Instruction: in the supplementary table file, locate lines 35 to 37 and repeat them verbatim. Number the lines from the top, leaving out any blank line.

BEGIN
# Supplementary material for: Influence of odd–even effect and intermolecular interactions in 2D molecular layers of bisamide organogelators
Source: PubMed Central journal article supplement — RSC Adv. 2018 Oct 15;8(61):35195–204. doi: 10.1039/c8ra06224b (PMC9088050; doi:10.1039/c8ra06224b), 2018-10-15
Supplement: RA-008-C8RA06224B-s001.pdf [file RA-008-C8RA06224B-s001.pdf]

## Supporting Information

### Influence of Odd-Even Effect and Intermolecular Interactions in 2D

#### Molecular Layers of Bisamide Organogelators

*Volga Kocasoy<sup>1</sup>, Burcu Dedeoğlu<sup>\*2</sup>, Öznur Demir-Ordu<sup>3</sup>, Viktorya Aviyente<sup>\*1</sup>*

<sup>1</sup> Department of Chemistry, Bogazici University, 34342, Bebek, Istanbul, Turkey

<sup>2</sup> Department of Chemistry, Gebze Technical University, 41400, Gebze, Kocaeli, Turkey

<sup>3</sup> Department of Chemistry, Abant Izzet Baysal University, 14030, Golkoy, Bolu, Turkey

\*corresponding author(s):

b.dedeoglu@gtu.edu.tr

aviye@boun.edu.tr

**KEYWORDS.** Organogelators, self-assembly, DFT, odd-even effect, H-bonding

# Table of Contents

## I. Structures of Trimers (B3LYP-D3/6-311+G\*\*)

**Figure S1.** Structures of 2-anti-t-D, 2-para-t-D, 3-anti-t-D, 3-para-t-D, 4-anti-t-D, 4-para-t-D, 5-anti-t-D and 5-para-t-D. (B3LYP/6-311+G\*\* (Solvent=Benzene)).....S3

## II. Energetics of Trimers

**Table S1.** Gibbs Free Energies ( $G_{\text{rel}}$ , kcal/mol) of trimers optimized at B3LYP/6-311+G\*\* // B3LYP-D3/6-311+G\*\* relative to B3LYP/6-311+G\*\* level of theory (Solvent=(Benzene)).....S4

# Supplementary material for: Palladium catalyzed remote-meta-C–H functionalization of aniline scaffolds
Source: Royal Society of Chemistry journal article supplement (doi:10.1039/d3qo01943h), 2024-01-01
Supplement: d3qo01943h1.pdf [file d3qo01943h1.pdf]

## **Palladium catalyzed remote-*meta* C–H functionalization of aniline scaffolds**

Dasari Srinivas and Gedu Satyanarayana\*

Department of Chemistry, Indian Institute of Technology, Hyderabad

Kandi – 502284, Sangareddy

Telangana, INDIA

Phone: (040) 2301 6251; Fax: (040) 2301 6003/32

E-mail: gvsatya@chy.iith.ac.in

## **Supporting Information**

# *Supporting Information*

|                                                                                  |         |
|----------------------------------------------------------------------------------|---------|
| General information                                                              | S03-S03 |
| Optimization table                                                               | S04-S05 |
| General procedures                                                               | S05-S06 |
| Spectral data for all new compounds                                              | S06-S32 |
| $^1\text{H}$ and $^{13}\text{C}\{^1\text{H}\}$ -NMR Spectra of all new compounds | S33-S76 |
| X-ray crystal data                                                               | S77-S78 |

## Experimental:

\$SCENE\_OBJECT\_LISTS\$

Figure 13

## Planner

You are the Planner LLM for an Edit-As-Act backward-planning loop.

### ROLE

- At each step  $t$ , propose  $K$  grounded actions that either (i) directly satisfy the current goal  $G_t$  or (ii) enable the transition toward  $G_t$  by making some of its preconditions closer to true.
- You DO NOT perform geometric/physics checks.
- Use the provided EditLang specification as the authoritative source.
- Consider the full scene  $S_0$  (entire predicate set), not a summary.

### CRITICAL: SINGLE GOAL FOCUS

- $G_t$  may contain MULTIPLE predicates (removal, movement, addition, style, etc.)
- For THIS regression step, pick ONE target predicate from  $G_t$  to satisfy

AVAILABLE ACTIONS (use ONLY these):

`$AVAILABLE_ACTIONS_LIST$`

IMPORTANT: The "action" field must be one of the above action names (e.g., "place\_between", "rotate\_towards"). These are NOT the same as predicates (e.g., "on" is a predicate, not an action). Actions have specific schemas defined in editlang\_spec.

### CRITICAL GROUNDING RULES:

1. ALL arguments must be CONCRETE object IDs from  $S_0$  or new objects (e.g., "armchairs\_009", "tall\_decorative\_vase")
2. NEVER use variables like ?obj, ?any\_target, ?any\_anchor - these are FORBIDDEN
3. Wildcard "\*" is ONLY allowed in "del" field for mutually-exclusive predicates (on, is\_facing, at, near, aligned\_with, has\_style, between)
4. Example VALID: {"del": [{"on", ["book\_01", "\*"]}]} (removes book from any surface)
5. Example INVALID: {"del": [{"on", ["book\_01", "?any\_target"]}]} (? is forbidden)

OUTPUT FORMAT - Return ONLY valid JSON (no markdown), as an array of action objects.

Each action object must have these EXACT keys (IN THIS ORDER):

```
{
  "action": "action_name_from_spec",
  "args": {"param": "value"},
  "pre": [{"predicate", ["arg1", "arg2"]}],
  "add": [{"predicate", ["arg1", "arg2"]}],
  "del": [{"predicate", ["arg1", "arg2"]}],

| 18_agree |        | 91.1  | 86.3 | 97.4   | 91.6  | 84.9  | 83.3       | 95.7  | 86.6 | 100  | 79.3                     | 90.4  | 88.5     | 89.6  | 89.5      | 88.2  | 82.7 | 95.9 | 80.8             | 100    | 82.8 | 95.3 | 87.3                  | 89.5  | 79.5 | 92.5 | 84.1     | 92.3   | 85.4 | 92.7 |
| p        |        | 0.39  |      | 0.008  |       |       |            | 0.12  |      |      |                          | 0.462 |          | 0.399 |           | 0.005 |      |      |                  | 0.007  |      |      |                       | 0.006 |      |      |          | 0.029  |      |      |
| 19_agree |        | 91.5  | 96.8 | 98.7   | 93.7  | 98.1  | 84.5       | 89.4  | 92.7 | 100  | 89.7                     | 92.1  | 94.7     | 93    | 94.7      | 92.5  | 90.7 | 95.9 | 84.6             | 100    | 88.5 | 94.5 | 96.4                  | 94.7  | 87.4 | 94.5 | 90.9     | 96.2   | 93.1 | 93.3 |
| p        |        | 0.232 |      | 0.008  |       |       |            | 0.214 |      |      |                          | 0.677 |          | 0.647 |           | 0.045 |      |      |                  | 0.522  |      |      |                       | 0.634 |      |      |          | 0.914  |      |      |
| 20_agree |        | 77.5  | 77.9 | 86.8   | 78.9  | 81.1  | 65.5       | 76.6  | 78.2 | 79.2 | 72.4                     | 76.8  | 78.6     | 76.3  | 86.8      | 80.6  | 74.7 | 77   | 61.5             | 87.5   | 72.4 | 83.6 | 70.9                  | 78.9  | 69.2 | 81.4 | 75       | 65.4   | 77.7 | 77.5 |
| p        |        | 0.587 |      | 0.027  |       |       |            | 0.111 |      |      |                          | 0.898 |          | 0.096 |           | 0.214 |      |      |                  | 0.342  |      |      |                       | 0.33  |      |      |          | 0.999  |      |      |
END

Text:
| Optimization table                                                               | S04-S05 |
| General procedures                                                               | S05-S06 |
| Spectral data for all new compounds                                              | S06-S32 |